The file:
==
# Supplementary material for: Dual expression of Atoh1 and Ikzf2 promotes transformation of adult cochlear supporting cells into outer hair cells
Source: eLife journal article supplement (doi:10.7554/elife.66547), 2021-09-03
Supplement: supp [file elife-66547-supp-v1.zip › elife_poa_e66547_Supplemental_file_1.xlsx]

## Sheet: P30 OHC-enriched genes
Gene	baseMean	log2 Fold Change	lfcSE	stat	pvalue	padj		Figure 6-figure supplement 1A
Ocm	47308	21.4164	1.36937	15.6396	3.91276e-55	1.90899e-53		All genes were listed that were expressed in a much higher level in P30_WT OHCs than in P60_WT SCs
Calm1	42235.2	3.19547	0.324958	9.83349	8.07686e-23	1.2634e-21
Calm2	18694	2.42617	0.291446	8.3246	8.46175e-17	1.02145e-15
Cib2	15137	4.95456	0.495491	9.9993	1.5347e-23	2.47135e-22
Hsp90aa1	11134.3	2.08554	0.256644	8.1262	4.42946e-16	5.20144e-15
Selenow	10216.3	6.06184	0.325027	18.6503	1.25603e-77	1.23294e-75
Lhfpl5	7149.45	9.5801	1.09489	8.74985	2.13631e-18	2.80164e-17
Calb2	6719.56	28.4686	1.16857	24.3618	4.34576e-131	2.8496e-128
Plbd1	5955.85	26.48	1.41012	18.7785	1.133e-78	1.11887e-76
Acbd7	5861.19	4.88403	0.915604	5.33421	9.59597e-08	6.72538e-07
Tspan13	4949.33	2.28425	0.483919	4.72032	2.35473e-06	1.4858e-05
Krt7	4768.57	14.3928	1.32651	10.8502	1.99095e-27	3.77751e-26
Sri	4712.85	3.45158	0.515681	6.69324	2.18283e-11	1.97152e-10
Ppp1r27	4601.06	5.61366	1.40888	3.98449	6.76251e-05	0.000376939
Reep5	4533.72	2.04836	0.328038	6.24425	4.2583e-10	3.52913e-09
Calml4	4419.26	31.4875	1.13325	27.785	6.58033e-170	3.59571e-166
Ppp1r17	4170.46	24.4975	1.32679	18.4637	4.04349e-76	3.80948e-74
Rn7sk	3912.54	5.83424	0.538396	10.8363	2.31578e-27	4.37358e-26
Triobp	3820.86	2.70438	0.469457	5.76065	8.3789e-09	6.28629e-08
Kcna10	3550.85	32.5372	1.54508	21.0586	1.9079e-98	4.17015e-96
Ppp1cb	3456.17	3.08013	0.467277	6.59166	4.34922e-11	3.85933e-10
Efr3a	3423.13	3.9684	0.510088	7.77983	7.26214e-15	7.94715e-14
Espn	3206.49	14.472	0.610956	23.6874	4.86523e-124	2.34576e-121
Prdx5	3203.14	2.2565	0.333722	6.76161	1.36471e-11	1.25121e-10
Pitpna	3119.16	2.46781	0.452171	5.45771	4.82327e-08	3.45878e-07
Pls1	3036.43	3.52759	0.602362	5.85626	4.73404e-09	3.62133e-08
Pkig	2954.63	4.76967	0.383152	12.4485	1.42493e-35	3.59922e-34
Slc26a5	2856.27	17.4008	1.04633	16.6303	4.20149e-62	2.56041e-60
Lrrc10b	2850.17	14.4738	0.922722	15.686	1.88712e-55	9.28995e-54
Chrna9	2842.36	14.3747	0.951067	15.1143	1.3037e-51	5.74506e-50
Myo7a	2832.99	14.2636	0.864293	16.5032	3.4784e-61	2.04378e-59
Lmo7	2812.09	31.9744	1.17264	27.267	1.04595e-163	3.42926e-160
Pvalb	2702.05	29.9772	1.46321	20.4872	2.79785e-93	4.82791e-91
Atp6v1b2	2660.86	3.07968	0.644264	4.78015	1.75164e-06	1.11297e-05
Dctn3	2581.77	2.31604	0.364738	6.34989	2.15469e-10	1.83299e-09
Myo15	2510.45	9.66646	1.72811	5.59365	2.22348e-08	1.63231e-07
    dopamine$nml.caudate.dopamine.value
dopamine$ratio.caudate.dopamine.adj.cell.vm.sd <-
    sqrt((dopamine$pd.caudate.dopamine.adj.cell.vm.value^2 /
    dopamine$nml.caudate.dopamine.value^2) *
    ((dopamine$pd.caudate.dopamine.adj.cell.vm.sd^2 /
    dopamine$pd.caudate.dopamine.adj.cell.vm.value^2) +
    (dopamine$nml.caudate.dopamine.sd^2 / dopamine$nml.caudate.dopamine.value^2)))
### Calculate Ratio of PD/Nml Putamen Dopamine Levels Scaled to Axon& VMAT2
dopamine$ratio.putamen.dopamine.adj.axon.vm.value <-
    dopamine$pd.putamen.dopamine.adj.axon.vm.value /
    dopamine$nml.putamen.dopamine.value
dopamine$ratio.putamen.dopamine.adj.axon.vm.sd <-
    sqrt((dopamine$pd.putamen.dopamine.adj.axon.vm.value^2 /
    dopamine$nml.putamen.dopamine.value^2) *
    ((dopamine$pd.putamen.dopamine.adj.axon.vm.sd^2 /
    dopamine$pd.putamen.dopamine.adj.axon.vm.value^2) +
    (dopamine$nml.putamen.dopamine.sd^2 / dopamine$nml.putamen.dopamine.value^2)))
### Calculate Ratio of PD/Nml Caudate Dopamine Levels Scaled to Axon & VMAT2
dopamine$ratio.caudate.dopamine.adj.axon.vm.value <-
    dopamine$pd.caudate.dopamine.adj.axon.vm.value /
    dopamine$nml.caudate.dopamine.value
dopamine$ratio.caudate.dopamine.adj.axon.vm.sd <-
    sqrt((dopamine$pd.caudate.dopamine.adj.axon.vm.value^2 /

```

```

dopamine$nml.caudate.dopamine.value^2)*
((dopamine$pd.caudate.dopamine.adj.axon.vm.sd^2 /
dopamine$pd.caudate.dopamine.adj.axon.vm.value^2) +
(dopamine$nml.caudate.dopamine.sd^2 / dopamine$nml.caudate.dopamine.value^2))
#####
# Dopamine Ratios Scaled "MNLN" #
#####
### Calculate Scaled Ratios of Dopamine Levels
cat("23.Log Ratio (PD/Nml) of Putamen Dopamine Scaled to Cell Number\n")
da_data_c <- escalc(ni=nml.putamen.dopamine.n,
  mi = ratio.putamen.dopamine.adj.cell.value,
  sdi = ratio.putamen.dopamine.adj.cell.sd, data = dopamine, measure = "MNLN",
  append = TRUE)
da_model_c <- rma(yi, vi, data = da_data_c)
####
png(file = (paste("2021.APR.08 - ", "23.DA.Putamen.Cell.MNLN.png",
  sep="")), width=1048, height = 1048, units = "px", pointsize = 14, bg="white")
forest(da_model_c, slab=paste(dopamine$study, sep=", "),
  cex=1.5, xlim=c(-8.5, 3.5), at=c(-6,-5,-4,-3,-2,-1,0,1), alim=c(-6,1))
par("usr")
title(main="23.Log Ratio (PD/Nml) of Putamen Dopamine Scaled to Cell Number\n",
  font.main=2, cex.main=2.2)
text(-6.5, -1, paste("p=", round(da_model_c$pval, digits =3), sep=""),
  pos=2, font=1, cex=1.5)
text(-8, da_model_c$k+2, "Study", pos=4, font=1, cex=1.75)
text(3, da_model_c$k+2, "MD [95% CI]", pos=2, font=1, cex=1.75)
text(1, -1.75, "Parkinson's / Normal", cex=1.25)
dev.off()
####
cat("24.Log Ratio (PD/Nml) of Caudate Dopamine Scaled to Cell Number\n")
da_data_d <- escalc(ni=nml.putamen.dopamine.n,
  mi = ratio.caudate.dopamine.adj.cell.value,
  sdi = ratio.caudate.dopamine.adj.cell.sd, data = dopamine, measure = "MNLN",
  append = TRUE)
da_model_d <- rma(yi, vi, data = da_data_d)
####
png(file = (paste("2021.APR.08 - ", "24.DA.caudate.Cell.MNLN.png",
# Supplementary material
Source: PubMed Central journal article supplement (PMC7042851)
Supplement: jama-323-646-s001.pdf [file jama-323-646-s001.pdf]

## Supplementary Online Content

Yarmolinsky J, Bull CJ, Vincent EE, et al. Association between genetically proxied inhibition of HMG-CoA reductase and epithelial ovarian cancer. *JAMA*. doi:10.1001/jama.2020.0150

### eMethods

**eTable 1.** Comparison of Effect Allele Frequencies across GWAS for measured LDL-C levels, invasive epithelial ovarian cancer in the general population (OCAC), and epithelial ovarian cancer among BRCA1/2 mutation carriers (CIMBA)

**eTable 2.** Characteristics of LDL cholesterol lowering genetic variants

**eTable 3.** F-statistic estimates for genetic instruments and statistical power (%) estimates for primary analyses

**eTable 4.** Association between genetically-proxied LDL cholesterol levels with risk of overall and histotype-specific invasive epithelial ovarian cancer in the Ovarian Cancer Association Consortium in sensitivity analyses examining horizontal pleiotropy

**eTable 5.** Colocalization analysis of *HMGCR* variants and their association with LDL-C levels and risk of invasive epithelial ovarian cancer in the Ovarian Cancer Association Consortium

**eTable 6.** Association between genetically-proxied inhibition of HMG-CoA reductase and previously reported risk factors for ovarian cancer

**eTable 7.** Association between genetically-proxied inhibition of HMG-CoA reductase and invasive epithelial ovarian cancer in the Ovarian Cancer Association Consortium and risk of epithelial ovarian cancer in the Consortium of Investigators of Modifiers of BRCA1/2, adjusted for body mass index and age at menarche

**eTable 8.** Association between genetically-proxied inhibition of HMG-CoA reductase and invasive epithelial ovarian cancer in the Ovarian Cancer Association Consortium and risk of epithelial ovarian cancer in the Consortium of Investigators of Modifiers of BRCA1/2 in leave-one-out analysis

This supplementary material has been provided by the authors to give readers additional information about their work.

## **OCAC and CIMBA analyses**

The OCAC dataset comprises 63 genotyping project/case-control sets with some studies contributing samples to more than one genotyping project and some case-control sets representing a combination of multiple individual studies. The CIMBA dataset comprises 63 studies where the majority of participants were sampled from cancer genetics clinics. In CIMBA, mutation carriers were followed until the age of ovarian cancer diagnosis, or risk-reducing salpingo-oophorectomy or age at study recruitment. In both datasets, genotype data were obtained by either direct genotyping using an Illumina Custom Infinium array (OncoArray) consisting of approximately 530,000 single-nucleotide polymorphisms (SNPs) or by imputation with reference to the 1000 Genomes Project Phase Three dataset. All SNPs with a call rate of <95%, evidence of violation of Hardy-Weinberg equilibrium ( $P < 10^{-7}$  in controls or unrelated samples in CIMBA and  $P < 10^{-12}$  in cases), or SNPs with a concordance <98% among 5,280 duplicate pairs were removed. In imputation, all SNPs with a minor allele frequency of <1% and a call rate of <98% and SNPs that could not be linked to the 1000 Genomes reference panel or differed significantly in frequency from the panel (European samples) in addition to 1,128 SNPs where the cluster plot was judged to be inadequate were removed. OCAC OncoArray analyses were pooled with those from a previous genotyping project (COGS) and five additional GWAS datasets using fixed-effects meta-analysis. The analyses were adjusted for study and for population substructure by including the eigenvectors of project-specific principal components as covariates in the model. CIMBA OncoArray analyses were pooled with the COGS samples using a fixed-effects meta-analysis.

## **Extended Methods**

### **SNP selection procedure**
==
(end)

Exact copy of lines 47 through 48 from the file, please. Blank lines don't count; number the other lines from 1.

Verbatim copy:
    dopamine$pd.caudate.dopamine.adj.cell.vm.value^2) +
    (dopamine$nml.caudate.dopamine.sd^2 / dopamine$nml.caudate.dopamine.value^2)))